Making Sense of the U.S. Election, Leadership Handover in China
By Erik Pineda | November 6, 2012 6:30 PM EST
It will be a pivotal week for economies around the world as the two largest markets get to pick their new leaders.
One is a done deal as China is all but formalising the ascension of President Xi Jinping, vice the outgoing Hu Jintao. The other must be decided by the estimated 120 million U.S. registered voters on Tuesday (Wednesday in this side of the world). It'll be a tossed up between the incumbent, President Barack Obama of the Democrat and the Republican Mitt Romney.
By the end of the week, Australia will witness almost simultaneous leadership transition on two countries it considered as major partners. America is Canberra's historical friend and the ties connecting the two nations were further strengthened in November 2011 during Mr Obama's state visit.
He forged with Prime Minister Julia Gillard an agreement that only renewed the deep friendship between Aussies and Americans. The two agreed to work closely as the Asia-Pacific region marches to further economic prosperity in the years and decades ahead.
Canberra embraced the so-called return of the lone super power in the dynamic area following decades of focus in Europe, the Middle East and the Central Asian region.
The county also has a giant interest in China, its expanding economy undeniably tethered to the resource-driven economy of Australia. Political stability fuels economic growth in China, which in turns leads to more business prospects for Aussie mining firms thereby supporting the country's mining boom, said to be nearing its peak.
Yet the right leader holding the baton in China would mean a Chinese economy that is constantly improving and stabilising, which in the process would redound in the resources boom in Australia extending its lifespan, delivering more in the investment pipeline that the Labor government has been brandishing.
That pretty much sums up Australia's hopes that Mr Xi would carry over, if necessary improve on the policies, of his predecessors that transformed China as the second biggest economy in the planet, directly benefitting its many trade partners, Australia including.
Australian stakes in the United States are both motivated by sentiments and economics, yet more emphasis on the former.
The White House contenders are somehow affiliated with the Australian politics. The Democrats are easily identifiable with the Labor while the Republicans are aligned with the conservative Liberal-National Coalition.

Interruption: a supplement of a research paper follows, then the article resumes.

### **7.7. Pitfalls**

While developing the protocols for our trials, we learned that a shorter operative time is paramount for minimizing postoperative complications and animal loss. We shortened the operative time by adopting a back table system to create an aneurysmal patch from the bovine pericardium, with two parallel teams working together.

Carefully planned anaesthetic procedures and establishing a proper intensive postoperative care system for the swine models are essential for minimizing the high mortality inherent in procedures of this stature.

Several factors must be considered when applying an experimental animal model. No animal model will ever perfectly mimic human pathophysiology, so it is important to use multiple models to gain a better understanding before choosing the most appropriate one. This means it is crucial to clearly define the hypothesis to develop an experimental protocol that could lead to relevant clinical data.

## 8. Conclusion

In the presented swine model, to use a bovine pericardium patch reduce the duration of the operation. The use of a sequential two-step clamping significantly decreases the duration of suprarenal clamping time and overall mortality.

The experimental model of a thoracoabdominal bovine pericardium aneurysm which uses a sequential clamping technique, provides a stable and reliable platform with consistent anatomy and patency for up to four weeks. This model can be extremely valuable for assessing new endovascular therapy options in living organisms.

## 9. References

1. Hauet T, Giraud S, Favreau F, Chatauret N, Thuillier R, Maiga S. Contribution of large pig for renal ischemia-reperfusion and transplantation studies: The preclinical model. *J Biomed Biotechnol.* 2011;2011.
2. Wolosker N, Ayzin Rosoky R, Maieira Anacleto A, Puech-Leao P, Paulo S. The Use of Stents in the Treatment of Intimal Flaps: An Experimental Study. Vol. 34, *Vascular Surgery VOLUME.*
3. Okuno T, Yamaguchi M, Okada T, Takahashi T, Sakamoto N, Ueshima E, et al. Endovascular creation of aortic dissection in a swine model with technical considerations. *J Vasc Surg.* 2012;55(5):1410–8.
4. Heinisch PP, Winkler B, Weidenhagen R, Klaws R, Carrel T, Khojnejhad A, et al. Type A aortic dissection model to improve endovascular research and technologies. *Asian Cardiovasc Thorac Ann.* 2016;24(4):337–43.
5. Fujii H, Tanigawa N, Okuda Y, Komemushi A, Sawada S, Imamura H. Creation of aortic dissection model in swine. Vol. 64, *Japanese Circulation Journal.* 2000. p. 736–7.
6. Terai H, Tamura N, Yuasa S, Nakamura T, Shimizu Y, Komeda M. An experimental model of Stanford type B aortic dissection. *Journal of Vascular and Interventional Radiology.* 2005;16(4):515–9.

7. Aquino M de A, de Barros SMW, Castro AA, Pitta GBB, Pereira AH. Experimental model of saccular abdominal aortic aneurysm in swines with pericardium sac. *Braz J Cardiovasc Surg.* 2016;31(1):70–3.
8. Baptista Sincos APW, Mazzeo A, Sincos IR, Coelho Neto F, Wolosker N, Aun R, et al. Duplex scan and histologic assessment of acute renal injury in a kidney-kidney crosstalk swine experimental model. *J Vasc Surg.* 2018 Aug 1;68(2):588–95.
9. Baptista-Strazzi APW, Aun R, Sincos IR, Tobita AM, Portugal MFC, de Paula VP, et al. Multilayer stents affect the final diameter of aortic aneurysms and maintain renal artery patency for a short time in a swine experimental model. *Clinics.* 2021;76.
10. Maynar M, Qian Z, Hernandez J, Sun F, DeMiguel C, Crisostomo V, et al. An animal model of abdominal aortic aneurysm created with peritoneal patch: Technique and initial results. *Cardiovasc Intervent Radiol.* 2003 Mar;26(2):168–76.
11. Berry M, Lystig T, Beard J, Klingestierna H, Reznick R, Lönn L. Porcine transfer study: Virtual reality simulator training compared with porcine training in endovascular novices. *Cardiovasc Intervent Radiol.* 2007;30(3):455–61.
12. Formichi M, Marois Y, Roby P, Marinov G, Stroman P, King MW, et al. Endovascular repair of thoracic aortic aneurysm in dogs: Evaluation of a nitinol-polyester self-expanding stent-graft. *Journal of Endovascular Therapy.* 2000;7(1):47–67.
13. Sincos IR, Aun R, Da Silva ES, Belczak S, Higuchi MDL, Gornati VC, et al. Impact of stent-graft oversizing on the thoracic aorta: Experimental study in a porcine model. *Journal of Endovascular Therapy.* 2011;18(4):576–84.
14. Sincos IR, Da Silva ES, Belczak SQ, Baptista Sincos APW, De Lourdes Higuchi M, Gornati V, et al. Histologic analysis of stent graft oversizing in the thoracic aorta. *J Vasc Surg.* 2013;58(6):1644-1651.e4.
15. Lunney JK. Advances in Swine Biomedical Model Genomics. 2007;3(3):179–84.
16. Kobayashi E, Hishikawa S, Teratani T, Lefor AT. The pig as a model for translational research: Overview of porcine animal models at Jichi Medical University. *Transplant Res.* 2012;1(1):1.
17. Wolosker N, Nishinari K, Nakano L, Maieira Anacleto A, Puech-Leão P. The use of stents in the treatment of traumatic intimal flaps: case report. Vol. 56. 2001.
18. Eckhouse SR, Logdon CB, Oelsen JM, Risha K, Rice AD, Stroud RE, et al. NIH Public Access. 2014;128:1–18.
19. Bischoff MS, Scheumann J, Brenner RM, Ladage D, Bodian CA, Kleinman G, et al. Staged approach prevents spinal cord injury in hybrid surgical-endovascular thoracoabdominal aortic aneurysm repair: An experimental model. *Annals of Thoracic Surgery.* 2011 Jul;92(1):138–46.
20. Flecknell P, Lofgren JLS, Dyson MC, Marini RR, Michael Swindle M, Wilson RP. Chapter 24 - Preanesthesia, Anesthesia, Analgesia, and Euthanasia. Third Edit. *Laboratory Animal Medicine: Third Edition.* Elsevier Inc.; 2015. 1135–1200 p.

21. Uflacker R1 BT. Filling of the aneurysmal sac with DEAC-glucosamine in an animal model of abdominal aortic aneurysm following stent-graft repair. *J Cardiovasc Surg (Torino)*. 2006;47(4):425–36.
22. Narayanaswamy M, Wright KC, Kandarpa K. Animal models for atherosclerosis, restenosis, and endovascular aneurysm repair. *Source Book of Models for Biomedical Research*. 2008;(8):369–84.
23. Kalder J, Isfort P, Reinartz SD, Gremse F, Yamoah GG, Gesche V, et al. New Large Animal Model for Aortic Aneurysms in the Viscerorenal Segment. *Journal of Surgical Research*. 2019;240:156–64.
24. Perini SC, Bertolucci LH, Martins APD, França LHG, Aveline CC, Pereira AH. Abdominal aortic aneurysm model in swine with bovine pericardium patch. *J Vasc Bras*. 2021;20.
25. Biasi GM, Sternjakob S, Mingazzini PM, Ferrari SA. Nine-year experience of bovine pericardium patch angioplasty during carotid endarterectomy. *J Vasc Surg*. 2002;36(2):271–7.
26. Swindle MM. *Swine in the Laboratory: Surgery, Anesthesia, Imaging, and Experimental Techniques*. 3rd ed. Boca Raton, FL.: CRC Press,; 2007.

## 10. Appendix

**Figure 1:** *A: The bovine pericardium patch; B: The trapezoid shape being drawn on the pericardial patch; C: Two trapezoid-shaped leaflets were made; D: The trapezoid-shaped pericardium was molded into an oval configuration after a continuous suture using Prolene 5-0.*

Yet ironically, some analysts see Mr Obama in Opposition leader Tony Abbott, at least in the way the Obama campaign has configured its assaults on Mr Romney, demonising the latter's policies and his character.
Such was the approach adopted by Mr Abbott against Ms Gillard, and for a while, he was succeeding and appeared all set to send the prime minister out of The Lodge in late 2013.
But that scenario played out many months ago as the latest opinion polls showed that Mr Abbott lags the Labor leader in popularity and the Coalition was losing its steam that had previously ensured its rousing victory. Now the government has a better fighting chance en route to the 2013 federal election.
Mr Romney also entered the contest an underdog, likely launching only a perfunctory challenge against the vaunted political machinery of the man-in-power, Mr Obama. But blunders, negativity among others, by the latter's camp afforded the multi-millionaire the chance to gain significant political traction.
Reuters said Mr Obama's fight was somehow a walk-in-park as he was ensured of garnering more than 270 Electoral College votes required to retain the U.S. presidency. But after the series of debates, and the series of mudslinging prior to that, the battle field was levelled.
Now the two are locked in a fierce race to convince the swing states of Iowa, Florida, Ohio and Wisconsin who would make the better president, which is the same case in Australia, where voters will likely witness an epic Coalition-Labor battle that was previously billed as the day the Labor reign ends.
Mr Obama was thought to easily win a fresh term at the White House notwithstanding the gripes about his dismal economic policies that saw the U.S. jobless rates zooming up to record highs. Now he is not too sure.
Mr Abbott was thought to easily boot out the Labor government in 2013 notwithstanding the ruling party's sound economic policies that left other economies wondering why they were wallowing in deep quagmires. Now he needs to contend with low approval rating and maybe fend off likely in-party challenges.
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